The editorial categories are research topics that have guided researchers during the recovery phase and continue to be the impetus behind the Documents Project’s digital archive and the Critical Documents book series. Developed by the project’s Editorial Board, each of the teams analyzed this framework and adapted it to their local contexts in developing their research objectives and work plans during the Recovery Phase. Learn more on the Editorial Framework page.
From Paris, cultural journalist José Hernández announces an exhibition of textile art being held at the Musée d’Art Moderne (MAM). The show, which featured work by Colombian artist Olga de Amaral, opened on April 29, 1981. It exhibited modern tapestries by artists from many different countries. Four works by Amaral were featured in the exhibition: three tapestries produced specifically for the event and an earlier work entitled Vestidura de calicanto [Masonry Clothing] (1977). These creations were the result of technical research on the use of hair from a horse’s mane and of plaster. In this interview with Hernández, Amaral explains that “masonry” refers to something hermetic and closed, a sort of metaphor for Colombia. It is also, the artist asserts, a question of intuition. Amaral believes that “we are killing ourselves within that hermeticism. Enclosed, Colombians are committing suicide.” Key to Amaral’s aesthetic research was coming into contact with sophisticated textile fibers while she was in the United States. She states, “I discovered the color, texture, structure of the world of fabric. In a context so rich in possibilities, I learned how to approach that world in a contemporary fashion.”
This interview with textile artist Olga de Amaral (b. 1932) attests to the international importance of her work in tapestry. Indeed, Amaral is one of the most important textile artists in the United States and Europe. The conversation touches on the pictorial and sculptural aspects of textile. Cuban critic Galaor Carbonell (1938-1996), who lives in Colombia, considers Amaral an “assemblagist” who produces constructivist work. The retrospective exhibition Olga de Amaral: Cuatro tiempos (1993) demonstrates the various phases of a longstanding creative process (see doc. no. 1134094).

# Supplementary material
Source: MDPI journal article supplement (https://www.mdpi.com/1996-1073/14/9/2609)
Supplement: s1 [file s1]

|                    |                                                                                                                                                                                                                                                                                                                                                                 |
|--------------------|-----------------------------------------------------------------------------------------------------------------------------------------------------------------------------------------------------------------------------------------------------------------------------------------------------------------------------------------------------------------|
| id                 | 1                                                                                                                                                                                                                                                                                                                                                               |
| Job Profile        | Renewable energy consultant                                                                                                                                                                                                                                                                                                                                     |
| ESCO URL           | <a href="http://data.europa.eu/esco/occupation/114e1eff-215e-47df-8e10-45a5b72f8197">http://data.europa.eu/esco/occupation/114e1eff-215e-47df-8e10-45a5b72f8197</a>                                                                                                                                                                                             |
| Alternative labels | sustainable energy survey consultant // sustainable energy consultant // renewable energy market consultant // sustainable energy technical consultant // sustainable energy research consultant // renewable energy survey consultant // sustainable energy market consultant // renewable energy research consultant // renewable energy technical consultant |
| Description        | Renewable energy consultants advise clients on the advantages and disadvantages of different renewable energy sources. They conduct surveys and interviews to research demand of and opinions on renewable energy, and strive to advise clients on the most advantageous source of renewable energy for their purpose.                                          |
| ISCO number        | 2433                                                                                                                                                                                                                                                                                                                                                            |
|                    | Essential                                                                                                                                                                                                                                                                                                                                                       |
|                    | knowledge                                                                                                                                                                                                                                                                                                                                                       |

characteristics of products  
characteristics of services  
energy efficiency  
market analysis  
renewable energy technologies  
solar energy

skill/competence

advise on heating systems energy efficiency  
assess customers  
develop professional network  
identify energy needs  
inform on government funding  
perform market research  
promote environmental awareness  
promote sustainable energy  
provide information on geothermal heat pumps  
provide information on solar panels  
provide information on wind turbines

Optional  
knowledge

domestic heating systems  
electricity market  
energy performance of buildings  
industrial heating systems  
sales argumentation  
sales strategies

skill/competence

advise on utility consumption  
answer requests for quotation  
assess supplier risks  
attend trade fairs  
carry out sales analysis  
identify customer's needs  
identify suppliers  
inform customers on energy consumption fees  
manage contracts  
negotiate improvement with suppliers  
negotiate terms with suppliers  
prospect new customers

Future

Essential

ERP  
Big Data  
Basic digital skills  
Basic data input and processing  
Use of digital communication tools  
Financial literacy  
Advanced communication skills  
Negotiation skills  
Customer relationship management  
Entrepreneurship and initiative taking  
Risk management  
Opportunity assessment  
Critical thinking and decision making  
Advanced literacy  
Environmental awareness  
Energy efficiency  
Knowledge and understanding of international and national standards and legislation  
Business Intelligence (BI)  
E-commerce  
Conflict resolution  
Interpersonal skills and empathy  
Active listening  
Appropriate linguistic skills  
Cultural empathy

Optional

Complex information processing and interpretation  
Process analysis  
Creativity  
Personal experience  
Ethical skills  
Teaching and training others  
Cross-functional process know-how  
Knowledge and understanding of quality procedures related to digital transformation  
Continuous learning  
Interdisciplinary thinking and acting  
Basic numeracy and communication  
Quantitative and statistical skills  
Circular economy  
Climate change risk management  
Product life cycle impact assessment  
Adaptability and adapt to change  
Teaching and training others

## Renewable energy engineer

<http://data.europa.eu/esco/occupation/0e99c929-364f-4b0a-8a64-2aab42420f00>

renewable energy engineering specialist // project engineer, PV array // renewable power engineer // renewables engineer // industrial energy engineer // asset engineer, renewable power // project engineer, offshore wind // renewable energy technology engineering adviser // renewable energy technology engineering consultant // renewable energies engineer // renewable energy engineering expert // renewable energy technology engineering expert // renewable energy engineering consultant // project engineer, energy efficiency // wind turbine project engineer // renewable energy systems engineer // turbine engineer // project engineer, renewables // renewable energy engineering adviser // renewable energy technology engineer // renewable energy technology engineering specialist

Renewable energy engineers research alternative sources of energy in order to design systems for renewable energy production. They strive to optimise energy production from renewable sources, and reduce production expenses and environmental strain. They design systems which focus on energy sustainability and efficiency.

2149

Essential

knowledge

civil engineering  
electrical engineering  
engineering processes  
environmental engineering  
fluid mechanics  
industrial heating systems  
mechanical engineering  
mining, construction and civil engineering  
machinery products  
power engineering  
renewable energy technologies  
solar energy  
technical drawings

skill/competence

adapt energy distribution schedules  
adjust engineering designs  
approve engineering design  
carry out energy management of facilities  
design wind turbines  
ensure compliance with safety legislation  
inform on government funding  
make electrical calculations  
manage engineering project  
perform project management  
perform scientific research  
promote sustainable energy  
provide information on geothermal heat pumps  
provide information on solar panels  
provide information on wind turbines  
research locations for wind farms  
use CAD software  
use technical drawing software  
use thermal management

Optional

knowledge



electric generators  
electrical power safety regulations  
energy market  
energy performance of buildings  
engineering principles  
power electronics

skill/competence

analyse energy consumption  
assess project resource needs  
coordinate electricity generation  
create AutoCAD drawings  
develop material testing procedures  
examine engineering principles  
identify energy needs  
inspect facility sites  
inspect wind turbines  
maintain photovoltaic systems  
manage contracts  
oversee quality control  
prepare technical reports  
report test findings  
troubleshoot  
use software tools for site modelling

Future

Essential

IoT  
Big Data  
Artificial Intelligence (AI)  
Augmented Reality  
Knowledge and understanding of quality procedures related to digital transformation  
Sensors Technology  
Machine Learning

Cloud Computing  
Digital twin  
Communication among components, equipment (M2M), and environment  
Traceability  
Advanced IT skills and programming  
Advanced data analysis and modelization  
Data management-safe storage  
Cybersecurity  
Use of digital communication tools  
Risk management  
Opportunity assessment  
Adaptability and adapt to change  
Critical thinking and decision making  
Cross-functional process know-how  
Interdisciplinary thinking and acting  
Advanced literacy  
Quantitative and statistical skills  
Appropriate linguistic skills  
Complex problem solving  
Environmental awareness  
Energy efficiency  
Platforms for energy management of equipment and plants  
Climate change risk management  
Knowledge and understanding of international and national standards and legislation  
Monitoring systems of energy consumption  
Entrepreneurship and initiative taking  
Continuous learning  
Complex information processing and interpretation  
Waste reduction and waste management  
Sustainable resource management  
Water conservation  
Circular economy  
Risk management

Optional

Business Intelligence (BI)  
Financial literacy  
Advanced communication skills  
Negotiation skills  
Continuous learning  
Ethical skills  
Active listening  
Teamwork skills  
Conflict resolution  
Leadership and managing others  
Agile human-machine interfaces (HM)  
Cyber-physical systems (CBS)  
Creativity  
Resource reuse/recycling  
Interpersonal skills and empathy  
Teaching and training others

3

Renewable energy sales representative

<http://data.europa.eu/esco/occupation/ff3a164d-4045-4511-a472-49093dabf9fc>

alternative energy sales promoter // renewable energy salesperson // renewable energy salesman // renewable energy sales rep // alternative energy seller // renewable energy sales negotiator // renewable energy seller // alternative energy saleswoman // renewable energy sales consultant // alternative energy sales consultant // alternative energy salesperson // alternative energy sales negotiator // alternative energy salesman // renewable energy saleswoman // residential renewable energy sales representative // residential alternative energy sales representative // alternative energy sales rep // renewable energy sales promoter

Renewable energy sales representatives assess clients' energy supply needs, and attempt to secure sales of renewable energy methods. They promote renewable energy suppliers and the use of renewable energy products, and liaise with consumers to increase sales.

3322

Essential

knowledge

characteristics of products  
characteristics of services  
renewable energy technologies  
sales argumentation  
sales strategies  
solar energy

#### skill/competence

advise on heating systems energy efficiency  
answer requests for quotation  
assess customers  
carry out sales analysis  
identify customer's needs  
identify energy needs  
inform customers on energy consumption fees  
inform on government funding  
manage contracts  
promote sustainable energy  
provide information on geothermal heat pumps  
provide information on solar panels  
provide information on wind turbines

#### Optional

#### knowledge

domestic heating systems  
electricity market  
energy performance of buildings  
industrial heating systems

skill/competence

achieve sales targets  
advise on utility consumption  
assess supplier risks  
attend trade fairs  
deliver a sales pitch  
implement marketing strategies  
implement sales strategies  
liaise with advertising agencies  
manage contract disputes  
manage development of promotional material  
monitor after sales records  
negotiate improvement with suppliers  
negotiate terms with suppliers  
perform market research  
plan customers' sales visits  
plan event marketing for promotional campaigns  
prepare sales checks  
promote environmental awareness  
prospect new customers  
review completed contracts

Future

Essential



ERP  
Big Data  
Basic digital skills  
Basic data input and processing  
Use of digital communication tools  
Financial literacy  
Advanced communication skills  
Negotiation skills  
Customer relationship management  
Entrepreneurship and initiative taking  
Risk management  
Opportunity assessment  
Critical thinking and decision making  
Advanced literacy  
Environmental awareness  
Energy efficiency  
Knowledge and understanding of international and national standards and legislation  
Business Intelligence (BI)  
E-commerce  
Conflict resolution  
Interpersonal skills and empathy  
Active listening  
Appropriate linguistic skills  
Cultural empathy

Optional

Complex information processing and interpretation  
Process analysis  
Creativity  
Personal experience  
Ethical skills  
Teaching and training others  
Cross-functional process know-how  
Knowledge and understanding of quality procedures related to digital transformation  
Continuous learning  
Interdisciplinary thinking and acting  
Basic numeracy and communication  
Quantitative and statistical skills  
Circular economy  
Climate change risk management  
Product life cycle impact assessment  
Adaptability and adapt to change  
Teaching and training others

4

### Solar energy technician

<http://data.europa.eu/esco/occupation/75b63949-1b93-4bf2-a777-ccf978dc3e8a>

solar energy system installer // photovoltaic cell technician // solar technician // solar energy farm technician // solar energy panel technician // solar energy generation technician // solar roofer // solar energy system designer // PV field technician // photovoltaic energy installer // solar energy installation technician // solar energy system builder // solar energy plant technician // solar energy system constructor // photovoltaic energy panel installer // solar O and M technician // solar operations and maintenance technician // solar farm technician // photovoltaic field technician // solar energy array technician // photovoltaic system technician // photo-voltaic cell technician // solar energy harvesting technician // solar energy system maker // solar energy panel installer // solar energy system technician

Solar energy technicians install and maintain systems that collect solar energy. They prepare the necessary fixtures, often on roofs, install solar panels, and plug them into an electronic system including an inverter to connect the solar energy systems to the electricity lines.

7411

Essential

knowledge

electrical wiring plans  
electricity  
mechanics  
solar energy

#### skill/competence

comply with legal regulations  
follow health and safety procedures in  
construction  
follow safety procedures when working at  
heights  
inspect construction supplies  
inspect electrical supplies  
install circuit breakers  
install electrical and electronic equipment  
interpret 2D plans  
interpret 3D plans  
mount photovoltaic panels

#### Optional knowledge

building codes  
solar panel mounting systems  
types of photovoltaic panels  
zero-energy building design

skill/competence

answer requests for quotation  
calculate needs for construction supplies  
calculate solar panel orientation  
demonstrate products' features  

Olga de Amaral studied architectural design at the Colegio Mayor de Cundinamarca in Bogotá (1951-1952) and textile design at Cranbrook Academy of Art in Bloomfield Hills, Michigan (1954-1955). Soon after returning to Colombia, the artist and her husband, fellow artist Jim Amaral (b. 1933), who is from California, established a studio for loom-based textile production. Making tapestries was the beginning of a process of experimentation inspired by weavers who considered themselves visual artists. Amaral founded the Textile Department of the Universidad de los Andes (Bogotá); she chaired that department from 1965 to 1970. From 1968 to 1972, she was the Colombian representative to the World Crafts Council (WCC), a non-governmental organization that provides grants to support artisans from around the world. Amaral was the director of WCC for Latin America from 1970 to 1978. Thanks to the efforts of artist and art advocate Jack Lenor Larsen, Olga de Amaral has exhibited tapestries in New York and given classes at the Penland School of Crafts in Bakersville, North Carolina and at the Haystack Mountain School of Crafts in Deer Isle, Maine. In 1968, she traveled to Peru representing the WCC. The textiles and fibers made using age-old techniques that she saw while in Cuzco informed her later creative process. In 1971, she was awarded a prize at the XXII Salón de Artistas Nacionales and, the next year, her piece La gran maraña paramuna [The Great Highland Tangle] (1972) was granted first prize at the Bienal de Coltejer. That work, which required extensive research into textile, is considered a milestone in Amaral’s career. Similarly, the monochrome work Vestiduras de calicanto (1977), exhibited at the Musée d’Art Moderne of Paris, also marked a significant moment insofar as it explored new materials like hair from a horse’s mane and plaster, thus facilitating explorations into the structure and three-dimensionality of textile. In the interview, the artist explains that these works forge a connection between textile and landscape in which masonry “binds nostalgia or the landscape to the [Colombian] high plateau.”
José Hernández (b. 1955) earned recognition as the editor of Bogotá-based newspaper El Tiempo where he published criticism by Carolina Ponce León (b. 1957) and José Hernán Aguilar (b. 1952). In conjunction with artists Jaime Iregui (b. 1956) and Carlos Salas (b. 1957), Hernández founded Espacio Vacío (1997-2002), a venue for exhibition and debate on the Bogotá art scene.